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From anecdotal evidence, most businesses aren’t measuring conversion rates from content marketing or don't have a great process for doing so.

For those of you that do care about measuring conversions, this article is going to outline a more advanced (and more accurate) way of measuring lead generation or conversion rates from content.

This method accounts for the fact that most blog readers don’t convert on their first encounter with a post. They may convert later that day, a few days later, or months later, so you’ll need to be able to account for that.

We’ll also discuss how we think about multi-touch attribution in general, that is, how do you attribute a conversion if a user touches multiple pages or parts of your business before they convert (and a blog post is only one of those touch points). It turns out Google Analytics has built in reports that can answer these questions. Finally, we’ll look at examples of actual conversion numbers from different types of companies and see how they compare using different attribution models.

  • JB

    Jera Brown

    4 months ago #

    Curious if and how other forms of engagement play into this model: social sharing, comments, signing up for the newsletter, etc.

    • BH

      Benji Hyam

      4 months ago #

      Good question.

      In terms of social sharing and comments, those don't play into the model at all. They can be indicators of content performance. And by performance, I mean, how much people like the article. But that doesn't necessarily mean that the article will generate customers. There are lots of articles that companies produce that are well written, but that will never amount to leads or customers.

      So social shares and comments are vanity metrics if those are what you're measuring success by. If you produce content that gets tons of shares and comments, but doesn't amount to any business, then it doesn't do you any good. You're spending money on something that doesn't yield real results.

      Newsletter signups on the other hand, depending on the type of the business, can fit into the model as one of the conversion goals. Depending on the sales process, newsletters signups could be a good goal to shoot for. If you sell courses or if you sell via an email list, etc. then that would be an important metric to measure.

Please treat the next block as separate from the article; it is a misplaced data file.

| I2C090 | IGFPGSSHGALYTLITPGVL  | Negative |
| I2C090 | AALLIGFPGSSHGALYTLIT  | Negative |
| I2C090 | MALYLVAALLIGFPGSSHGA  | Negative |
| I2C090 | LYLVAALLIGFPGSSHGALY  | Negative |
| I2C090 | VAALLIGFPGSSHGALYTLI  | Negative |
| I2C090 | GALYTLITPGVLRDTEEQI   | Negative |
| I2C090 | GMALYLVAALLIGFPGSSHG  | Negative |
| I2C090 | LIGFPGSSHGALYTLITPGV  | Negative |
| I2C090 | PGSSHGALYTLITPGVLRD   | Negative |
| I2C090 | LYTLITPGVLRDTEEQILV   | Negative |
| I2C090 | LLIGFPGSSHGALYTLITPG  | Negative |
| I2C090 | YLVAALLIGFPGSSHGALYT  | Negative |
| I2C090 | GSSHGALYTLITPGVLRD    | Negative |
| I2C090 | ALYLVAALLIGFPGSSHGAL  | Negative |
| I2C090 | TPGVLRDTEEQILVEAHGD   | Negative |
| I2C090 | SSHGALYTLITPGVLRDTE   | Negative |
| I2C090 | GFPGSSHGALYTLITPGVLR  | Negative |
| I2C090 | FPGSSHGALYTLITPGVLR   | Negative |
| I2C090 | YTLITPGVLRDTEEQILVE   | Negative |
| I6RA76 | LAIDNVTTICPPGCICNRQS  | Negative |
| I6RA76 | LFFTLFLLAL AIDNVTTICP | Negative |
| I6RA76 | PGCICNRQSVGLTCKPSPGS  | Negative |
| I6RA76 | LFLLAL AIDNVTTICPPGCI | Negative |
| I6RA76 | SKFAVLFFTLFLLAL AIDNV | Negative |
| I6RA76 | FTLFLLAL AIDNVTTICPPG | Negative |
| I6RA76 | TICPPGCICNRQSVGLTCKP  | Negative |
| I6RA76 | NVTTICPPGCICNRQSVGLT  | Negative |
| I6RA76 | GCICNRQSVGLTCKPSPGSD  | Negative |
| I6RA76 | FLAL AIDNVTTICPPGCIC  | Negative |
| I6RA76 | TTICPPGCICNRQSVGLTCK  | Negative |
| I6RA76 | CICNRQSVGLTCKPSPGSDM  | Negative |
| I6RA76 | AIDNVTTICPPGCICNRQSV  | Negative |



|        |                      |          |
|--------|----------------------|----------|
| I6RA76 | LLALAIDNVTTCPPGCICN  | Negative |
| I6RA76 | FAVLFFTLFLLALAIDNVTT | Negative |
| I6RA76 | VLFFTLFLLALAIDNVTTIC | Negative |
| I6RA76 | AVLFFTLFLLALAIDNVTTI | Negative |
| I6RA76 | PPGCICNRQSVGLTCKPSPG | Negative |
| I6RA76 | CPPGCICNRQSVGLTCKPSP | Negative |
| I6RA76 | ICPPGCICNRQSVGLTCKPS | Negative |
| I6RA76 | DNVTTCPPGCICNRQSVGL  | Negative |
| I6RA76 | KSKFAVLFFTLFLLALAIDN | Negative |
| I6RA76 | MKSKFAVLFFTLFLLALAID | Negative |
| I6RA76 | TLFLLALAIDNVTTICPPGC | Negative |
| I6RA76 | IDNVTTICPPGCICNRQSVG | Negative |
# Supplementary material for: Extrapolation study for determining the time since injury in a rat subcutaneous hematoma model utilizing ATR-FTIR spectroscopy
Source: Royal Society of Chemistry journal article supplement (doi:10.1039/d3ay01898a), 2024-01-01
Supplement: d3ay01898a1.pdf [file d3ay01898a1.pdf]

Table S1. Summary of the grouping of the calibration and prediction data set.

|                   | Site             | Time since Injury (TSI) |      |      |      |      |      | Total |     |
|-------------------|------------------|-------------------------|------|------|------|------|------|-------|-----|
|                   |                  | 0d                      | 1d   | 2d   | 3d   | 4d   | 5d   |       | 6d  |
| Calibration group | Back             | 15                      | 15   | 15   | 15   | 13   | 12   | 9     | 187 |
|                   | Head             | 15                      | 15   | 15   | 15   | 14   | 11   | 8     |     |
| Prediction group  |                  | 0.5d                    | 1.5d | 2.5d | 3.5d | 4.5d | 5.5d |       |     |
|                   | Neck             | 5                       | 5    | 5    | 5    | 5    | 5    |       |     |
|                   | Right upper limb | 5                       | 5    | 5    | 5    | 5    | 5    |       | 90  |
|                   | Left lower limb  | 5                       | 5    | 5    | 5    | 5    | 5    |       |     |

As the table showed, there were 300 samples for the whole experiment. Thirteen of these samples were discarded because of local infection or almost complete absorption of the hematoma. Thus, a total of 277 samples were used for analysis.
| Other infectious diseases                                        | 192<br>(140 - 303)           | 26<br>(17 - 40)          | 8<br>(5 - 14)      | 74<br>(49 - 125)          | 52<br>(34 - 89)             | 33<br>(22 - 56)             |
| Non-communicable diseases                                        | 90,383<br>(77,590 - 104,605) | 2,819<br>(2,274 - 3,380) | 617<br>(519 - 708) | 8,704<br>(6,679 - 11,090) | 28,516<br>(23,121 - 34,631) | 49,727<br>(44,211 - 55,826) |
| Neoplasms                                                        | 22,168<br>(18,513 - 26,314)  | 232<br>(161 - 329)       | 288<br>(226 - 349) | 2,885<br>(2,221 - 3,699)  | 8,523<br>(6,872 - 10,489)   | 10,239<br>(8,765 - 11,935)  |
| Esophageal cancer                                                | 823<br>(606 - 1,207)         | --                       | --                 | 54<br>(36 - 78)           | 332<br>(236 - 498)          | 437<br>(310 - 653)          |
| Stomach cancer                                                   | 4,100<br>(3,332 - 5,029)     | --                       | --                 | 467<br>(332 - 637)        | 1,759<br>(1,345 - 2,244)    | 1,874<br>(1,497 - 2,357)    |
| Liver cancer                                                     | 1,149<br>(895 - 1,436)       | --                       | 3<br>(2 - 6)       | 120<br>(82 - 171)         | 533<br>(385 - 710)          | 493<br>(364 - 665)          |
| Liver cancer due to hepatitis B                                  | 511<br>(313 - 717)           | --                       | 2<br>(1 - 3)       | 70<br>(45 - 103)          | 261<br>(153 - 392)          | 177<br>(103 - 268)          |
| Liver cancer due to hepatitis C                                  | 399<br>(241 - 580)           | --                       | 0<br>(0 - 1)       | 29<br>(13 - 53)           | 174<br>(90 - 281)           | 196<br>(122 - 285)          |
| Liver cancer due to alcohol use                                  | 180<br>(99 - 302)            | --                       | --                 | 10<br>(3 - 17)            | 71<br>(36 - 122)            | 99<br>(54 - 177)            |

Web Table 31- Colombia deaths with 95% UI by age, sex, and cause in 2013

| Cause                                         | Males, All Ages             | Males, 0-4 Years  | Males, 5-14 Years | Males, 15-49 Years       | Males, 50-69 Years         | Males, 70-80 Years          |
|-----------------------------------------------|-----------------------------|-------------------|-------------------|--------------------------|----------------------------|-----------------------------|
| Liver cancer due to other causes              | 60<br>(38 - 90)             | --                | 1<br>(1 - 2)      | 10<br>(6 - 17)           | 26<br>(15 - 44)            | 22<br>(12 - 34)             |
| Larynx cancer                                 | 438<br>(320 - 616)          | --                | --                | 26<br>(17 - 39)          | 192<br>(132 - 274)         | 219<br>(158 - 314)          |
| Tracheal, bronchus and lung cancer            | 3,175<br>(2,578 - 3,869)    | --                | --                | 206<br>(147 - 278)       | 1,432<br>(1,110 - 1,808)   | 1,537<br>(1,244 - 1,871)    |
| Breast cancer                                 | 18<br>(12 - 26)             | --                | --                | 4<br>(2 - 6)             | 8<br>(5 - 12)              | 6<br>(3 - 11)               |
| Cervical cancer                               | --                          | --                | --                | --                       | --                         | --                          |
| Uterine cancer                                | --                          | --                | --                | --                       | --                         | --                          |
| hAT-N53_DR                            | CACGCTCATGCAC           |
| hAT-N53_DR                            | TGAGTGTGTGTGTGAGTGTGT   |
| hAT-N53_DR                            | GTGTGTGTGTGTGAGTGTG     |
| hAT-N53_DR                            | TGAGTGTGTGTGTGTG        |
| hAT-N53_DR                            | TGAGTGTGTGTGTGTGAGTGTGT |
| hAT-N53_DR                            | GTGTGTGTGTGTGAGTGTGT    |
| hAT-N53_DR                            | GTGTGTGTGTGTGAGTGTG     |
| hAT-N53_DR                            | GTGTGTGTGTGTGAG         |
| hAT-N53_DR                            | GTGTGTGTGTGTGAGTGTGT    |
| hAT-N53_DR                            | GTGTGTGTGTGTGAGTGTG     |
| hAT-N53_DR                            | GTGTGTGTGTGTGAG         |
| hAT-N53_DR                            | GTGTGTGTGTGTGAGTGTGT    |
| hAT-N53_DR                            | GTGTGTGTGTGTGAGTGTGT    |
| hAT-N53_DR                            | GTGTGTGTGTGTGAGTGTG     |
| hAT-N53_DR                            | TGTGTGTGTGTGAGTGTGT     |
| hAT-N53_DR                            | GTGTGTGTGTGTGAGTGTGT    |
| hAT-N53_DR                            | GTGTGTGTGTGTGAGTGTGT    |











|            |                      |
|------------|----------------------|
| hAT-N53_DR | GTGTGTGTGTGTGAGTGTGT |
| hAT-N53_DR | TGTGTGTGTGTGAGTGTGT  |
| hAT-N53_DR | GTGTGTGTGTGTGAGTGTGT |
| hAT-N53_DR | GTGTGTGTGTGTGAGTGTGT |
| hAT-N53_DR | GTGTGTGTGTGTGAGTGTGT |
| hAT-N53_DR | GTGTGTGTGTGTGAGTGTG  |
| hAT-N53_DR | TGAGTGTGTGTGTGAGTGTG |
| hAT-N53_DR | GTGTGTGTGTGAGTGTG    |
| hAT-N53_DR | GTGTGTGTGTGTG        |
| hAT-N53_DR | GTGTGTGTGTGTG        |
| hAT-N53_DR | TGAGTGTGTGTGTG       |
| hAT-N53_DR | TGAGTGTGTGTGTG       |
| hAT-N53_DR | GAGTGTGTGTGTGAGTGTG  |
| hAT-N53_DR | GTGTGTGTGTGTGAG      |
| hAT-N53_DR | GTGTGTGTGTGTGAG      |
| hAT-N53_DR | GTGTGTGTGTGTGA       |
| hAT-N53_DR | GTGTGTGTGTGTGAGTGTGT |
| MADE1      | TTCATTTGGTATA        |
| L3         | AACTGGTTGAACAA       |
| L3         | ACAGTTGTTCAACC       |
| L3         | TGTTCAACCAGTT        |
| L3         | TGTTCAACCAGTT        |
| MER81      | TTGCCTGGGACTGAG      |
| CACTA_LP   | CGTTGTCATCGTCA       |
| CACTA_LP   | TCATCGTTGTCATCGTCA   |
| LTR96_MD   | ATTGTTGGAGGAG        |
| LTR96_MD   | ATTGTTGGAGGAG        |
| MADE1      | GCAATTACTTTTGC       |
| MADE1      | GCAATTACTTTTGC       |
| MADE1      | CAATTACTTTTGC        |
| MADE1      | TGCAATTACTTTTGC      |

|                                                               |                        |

That being said, for most B2B businesses, I think measuring signups and/or leads from content is the end-all-be-all metric that you should measure. Newsletter signups can also be a vanity metric to some extent depending on the type of business. If you gain subscribers, but they don't convert, then it also doesn't do you any good.

      Hope that answers the question.

  • OS

    Olivia Seitz

    4 months ago #

    This is fabulous advice for any company doing content marketing. Thanks for the great post, Benji!

  • GS

    Gabe Solberg

    4 months ago #

    Hey Benji,

    This is a great post! Thanks for calling out and providing clarity on the nuances I find that is an important component to understanding the data.

    I am curious have you ever tried using Facebook Analytics, people based tracking, to recreate a similar report? (since the Facebook Pixel captures all visitor data)

    • BH

      Benji Hyam

      4 months ago #

      That was all @deveshkhanal :). I agree, his explanations help wrap your head around a complex topic.

      I haven't personally. We do have FB pixels set up for everyone we work with, but I haven't used it to analyze an audience or for reporting. Only for advertising.

  • SR

    Shane Rostad

    4 months ago #

    Great stuff as always. As you say in the article, you're not going to catch everything. But this is a great way to 1) hold content marketers accountable to results, and 2) help content marketers show the value they're bringing to the table.

    • BH

      Benji Hyam

      4 months ago #

      Yeah, it's definitely not 100% but it gets us a lot closer to understanding what's going on, and be able to report on the direct conversions and the influence our content has on conversions.

  • KD

    Kristen DeCosta

    4 months ago #

    Just setting up new tracking for my current content strategy, and this is exactly what I needed! At my previous job, we tracked only the last-click conversions. I always knew the data was skewed, and it wreaked havoc on my data-driven mind. This is exactly what I needed to read today--great advice!

  • JQ

    Jason Quey

    4 months ago #

    Content attribution is a challenging topic, solid job on the article.

    It will be interesting to see what Google's free attribution tool will do for content marketers.

  • VL

    Viktor Lotyshko

    4 months ago #

    Great blog post!

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